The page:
March 22 – Lord’s Prayer Week 4
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Wondering what to do under the new normal of COVID-19? Check out our post The Witness of Waiting: Being still in the midst of crisis
We’ve come to the final week of our sermon series and the sixth and final petition of the Lord’s Prayer. At first glance verse 13, “And lead us not into temptation, but deliver us from evil,” sounds like two petitions: “lead us not,” and, “deliver us.” But this is actually an age-old form of Hebrew rhetoric called parallelism, where two phrases are put one after another that are different but say the same thing. The Psalms do this all the time, “The voice of the Lord breaks the cedars, the Lord breaks the cedars of Lebanon. He makes Lebanon to skip like a calf, and Sirion like a young wild ox.” (Psa. 29:5-6) So verse 13 is really one concept of protection and deliverance, said from two different angles. This 20 minute devotional from R.C. Sproul is helpful both in identifying that couplet and understanding the difficulty that verse 13 present.
The difficulty lies in the first half, “Lead us not into temptation.” You might give that a longer look and wonder, if we’re asking for this not to happen, does that mean it can in fact happen? Would God intentionally lead us into temptation? Doesn’t he want us to be obedient? Shouldn’t protection from temptation be a default setting in Christianity?
James points out, “Let no one say when he is tempted, ‘I am being tempted by God,’ for God cannot be tempted with evil, and he himself tempts no one.”(Jas. 1:13) Looking at the whole of scripture, only one being is called the Tempter, and that being is Satan.(Mat. 4:3) We can understand this verse in the Lord’s Prayer out of this paradigm, that God does no tempting but Satan is characterized by it. And that’s pretty relevant to the Lord’s Prayer; “deliver us from evil,” can also be translated, “deliver us from the Evil One.” (For you Bible nerds out there, τοῦ πονηροῦ puts “evil” in the nominative case after a direct article, so at the very least it’s “The Evil,” but most likely hinting at a singular noun, “The Evil One,” being addressed here.)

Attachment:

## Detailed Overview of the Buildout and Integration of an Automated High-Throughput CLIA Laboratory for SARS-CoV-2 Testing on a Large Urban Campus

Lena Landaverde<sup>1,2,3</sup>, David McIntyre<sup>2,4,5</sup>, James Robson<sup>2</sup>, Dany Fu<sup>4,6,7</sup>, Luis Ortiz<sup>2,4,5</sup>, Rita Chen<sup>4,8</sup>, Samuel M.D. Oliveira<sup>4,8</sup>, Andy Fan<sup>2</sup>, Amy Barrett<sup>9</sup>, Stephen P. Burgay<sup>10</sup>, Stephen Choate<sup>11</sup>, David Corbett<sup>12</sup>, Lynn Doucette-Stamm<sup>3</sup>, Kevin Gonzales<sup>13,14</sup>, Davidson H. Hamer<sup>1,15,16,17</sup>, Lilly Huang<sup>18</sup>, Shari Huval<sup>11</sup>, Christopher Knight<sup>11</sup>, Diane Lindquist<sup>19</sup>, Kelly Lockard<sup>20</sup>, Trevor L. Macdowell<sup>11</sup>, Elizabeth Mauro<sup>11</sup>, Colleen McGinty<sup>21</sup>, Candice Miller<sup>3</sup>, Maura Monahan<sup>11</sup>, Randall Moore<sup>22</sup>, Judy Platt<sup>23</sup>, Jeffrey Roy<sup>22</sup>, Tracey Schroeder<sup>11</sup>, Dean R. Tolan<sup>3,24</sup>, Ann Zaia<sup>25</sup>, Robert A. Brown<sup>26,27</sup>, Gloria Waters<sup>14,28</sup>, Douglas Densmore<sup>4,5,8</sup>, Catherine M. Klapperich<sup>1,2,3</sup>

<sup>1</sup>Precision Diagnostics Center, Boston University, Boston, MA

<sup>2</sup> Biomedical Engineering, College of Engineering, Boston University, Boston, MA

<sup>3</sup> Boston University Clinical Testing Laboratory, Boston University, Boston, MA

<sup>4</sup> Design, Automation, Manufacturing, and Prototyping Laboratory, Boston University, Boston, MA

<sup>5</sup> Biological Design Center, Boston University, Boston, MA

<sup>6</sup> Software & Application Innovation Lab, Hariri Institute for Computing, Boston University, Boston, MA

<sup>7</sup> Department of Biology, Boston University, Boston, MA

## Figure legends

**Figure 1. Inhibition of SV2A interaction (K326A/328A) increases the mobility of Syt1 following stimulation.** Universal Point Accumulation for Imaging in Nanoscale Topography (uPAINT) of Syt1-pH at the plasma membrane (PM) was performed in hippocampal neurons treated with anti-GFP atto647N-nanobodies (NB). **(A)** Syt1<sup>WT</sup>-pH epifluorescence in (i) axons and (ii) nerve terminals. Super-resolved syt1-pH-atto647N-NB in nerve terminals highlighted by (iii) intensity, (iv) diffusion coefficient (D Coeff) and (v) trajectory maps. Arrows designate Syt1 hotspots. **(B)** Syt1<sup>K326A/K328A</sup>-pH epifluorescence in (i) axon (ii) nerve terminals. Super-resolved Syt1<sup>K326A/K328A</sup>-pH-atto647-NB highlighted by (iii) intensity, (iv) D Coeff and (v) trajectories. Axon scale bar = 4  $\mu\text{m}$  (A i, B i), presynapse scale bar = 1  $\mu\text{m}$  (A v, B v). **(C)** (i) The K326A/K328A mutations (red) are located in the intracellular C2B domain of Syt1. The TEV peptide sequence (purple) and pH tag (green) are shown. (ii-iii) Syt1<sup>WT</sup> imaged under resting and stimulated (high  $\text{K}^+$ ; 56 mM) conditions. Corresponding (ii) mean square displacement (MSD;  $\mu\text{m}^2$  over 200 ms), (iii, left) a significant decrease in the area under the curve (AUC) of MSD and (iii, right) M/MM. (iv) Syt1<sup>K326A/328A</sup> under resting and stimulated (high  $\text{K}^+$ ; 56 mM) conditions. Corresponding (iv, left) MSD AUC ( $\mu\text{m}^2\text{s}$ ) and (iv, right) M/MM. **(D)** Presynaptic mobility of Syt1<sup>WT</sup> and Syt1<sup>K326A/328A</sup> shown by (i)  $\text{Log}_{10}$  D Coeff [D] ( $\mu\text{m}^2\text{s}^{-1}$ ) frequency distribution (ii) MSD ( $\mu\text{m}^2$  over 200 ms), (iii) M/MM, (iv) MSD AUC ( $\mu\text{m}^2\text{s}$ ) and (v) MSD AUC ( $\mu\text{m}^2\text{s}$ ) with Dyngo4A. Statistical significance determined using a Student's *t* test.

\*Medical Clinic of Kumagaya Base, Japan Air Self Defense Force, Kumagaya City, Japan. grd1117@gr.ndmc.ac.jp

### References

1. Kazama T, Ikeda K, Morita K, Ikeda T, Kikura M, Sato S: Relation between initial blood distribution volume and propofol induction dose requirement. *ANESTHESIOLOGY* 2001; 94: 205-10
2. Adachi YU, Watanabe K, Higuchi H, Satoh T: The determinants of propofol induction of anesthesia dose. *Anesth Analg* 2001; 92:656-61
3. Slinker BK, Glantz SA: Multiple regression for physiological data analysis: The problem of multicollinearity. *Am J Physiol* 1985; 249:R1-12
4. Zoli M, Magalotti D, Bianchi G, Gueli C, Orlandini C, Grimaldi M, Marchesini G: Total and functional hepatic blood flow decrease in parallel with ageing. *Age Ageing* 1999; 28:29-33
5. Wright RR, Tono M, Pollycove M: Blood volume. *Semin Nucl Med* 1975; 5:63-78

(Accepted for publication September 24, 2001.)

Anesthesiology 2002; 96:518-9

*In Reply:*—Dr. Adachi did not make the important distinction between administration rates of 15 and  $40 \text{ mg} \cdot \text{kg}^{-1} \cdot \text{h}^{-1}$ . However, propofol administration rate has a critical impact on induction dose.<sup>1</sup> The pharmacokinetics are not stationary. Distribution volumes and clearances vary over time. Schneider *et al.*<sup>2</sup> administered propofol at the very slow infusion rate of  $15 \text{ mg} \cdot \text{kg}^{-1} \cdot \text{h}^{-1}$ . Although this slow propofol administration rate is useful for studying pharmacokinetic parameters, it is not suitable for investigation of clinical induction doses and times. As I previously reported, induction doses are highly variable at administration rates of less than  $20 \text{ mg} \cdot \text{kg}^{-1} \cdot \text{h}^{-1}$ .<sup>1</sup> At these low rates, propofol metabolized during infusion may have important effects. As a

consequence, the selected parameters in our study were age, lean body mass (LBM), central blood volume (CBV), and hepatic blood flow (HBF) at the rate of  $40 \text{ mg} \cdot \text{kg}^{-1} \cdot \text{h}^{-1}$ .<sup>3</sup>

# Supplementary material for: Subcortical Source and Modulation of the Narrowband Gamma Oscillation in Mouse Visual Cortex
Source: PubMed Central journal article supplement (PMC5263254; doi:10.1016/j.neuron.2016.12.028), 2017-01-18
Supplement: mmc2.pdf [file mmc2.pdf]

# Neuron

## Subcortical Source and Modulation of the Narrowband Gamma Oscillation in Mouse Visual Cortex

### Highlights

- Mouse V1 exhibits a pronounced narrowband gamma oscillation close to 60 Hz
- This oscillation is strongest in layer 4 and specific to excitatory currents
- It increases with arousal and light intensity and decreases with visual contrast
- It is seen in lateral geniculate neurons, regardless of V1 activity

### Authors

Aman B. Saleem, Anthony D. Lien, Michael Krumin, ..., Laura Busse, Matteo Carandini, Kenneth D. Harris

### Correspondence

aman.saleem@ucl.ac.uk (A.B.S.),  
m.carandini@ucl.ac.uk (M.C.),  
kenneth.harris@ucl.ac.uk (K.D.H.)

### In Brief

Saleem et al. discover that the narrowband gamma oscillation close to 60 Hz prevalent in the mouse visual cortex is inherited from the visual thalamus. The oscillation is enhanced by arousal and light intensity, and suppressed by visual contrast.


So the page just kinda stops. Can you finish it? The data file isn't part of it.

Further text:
We can also understand Matthew 6:13 out of Jesus’ own story of temptation. Just two chapters before the Lord’s Prayer in Matthew Jesus was “led up by the Spirit into the wilderness to be tempted by the devil.”(Mat. 4:1) Here again is our paradigm that God does no tempting, but Satan does. Jesus spent forty days fasting in order to be tested by Satan, proving himself both obedient and faithful to God’s mission on earth, a test that you and I would have certainly failed (after 40 hours I can make no promises about what I wouldn’t give for a loaf of bread). This is encouraging to think that Jesus, having recently accomplished monumental feats of obedience to God, is giving us permission in the Lord’s Prayer to ask our Father to not lead us into temptation.
Interestingly, the prayer stops right at, “But deliver us from evil.” Wondering what happened to the, “For thine is the Kingdom…” part? Check out our blog post on just that. Jesus doesn’t even leave his prayer off with an amen. Why is that? Perhaps Jesus meant for us to continue praying in our own words. With six petitions in the prayer this could point to a Sabbath motif, where the seventh movement of the prayer is stopping and resting, listening to God’s presence and being still. Or it could be something else entirely, though I think it’s very safe to assume the omission was intentional and Jesus means to do something is us through it.
Questions for Discussion
This shorter discussion is optimized for virtual gatherings. Check our virtual gathering tips post for ideas on how to run your virtual meetings (last updated March 25).
• Can someone read Matthew 6:9-13 for us?
• This week we’re looking at verses 11-12. What stands out to you from those verses?
• How can this part of the prayer shape our lives right now?
• How does calling God “Father” help us ask for “daily bread” and forgiveness?
• Let’s finish our time by reading The Lord’s Prayer out loud together (6:9-13).